A traditional Chinese instrument becomes a bridge between cultures
Wenzhuo Zhang was extremely young when she took up an extremely old musical instrument. At the impressionable age of five, Zhang (’15) attended an after-school music program in China’s Hebei province, where choosing from among the dazzling array of instruments stumped her. A kind instructor suggested, “Would you like to try the yangqin? I could teach you.”
She started lessons on the instrument, a stringed dulcimer played with bamboo beaters that dates to the 17th century. What began as a hobby has become a vocation for Zhang, who today teaches the yangqin and has performed in recitals from New York State, where she lives, to the UK. In 2008, she won the National Hammered Dulcimer Championship in Kansas.
To Zhang, the yangqin is more than a music-maker. It’s a modern bridge-builder between different peoples, which is why she tries to pass on her mastery through teaching.
“Musical instruments are a form of cultural legacy and heritage,” she says. “Learning instruments or songs is one of the most efficient ways to learn the tradition of the cultural groups from which instruments and songs originated.” The yangqin is multiculturalism in wood and string: it was modeled on a Persian instrument and reached China through trade with the Middle East.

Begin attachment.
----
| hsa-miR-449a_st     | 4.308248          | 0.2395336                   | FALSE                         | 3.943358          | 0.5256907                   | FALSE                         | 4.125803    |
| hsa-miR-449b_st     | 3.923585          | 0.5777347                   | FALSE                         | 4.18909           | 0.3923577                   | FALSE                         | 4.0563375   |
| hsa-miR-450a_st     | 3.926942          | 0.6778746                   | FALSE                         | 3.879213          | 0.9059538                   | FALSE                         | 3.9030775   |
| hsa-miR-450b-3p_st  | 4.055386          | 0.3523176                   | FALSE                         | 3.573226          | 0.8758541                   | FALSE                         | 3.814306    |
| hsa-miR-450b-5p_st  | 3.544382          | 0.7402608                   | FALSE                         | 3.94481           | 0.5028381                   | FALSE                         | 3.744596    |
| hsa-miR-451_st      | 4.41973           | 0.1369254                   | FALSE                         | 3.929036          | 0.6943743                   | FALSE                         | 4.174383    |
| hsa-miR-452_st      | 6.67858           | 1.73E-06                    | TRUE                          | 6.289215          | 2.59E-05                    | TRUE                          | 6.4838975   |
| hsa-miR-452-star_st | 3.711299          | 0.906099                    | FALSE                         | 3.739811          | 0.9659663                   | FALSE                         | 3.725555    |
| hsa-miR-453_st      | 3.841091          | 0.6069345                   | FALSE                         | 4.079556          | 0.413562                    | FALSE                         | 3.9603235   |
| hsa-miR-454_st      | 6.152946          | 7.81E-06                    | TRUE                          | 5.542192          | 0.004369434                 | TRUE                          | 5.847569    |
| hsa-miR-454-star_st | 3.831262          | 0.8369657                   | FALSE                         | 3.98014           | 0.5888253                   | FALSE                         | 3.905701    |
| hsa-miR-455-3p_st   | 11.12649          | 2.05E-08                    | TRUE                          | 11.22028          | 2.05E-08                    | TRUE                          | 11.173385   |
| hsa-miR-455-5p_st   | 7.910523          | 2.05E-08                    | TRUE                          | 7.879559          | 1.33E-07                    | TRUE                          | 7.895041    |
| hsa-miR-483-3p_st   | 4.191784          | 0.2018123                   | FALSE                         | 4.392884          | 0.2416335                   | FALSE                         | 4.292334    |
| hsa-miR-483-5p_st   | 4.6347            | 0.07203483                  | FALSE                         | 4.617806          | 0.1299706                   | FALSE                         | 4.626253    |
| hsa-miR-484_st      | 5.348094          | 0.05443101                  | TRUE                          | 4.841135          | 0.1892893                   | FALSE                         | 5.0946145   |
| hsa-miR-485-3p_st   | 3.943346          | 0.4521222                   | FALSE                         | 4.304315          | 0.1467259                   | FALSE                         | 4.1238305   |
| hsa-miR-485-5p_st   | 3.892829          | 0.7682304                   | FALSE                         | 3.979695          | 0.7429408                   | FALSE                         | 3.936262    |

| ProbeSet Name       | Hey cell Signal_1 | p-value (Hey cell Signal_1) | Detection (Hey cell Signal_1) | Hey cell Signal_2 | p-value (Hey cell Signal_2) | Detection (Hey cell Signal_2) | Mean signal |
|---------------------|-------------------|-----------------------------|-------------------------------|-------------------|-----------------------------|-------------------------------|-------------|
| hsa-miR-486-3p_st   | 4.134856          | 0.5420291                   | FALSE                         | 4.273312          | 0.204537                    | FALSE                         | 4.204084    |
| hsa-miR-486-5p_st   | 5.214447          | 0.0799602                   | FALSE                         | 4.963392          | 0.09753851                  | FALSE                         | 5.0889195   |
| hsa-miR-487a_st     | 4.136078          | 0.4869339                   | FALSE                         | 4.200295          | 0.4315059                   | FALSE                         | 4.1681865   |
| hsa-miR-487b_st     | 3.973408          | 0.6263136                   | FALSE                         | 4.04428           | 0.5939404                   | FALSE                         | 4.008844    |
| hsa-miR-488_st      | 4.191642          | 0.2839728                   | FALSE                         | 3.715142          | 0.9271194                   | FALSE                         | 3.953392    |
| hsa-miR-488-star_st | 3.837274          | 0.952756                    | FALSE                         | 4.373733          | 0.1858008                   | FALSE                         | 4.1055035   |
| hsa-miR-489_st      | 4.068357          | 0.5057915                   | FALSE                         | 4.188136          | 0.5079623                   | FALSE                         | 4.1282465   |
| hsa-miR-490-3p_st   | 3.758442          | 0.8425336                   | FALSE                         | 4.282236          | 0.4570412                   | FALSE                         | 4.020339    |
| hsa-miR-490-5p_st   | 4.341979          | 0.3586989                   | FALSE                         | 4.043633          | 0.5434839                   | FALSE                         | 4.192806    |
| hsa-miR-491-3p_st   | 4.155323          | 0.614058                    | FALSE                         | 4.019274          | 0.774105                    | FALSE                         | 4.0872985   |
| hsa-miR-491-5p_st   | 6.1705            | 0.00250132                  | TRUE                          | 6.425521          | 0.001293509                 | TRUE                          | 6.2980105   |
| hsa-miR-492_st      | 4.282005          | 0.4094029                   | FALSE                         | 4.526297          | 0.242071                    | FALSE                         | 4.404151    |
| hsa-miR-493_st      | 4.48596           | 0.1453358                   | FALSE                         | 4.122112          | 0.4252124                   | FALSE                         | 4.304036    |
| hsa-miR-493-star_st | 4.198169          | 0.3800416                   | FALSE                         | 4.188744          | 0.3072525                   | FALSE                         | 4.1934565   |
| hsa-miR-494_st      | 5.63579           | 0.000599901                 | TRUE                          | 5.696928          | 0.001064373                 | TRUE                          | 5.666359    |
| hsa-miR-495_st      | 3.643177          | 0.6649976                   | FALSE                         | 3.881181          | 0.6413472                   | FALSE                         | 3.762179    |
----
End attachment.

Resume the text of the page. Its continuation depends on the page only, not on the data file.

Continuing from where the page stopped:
At 13, Zhang was admitted to Hebei’s competitive art school, which accepted only one student for each Chinese instrument every two years. After graduation, she enrolled in the prestigious National Academy of Chinese Theater Arts, then came to the US for a master’s at the State University of New York at Fredonia. She received her doctorate in music education at BU.
She teaches at SUNY Fredonia and has performed with a Chinese string and wind ensemble, Western ensembles, and Chinese folk singers, and in national and global recitals. Zhang says of her musical career: “When I think about the past, I realize that it wasn’t just my decision. It was my teachers’ decisions as well. They chose me, and I am grateful. I enjoy being a performer.”
Zhang says her studies, along with playing the yangqin, have shown her the importance of multicultural music education. She vows that she’ll “continue contributing to multicultural music education in research and practice, one of my everlasting career goals.”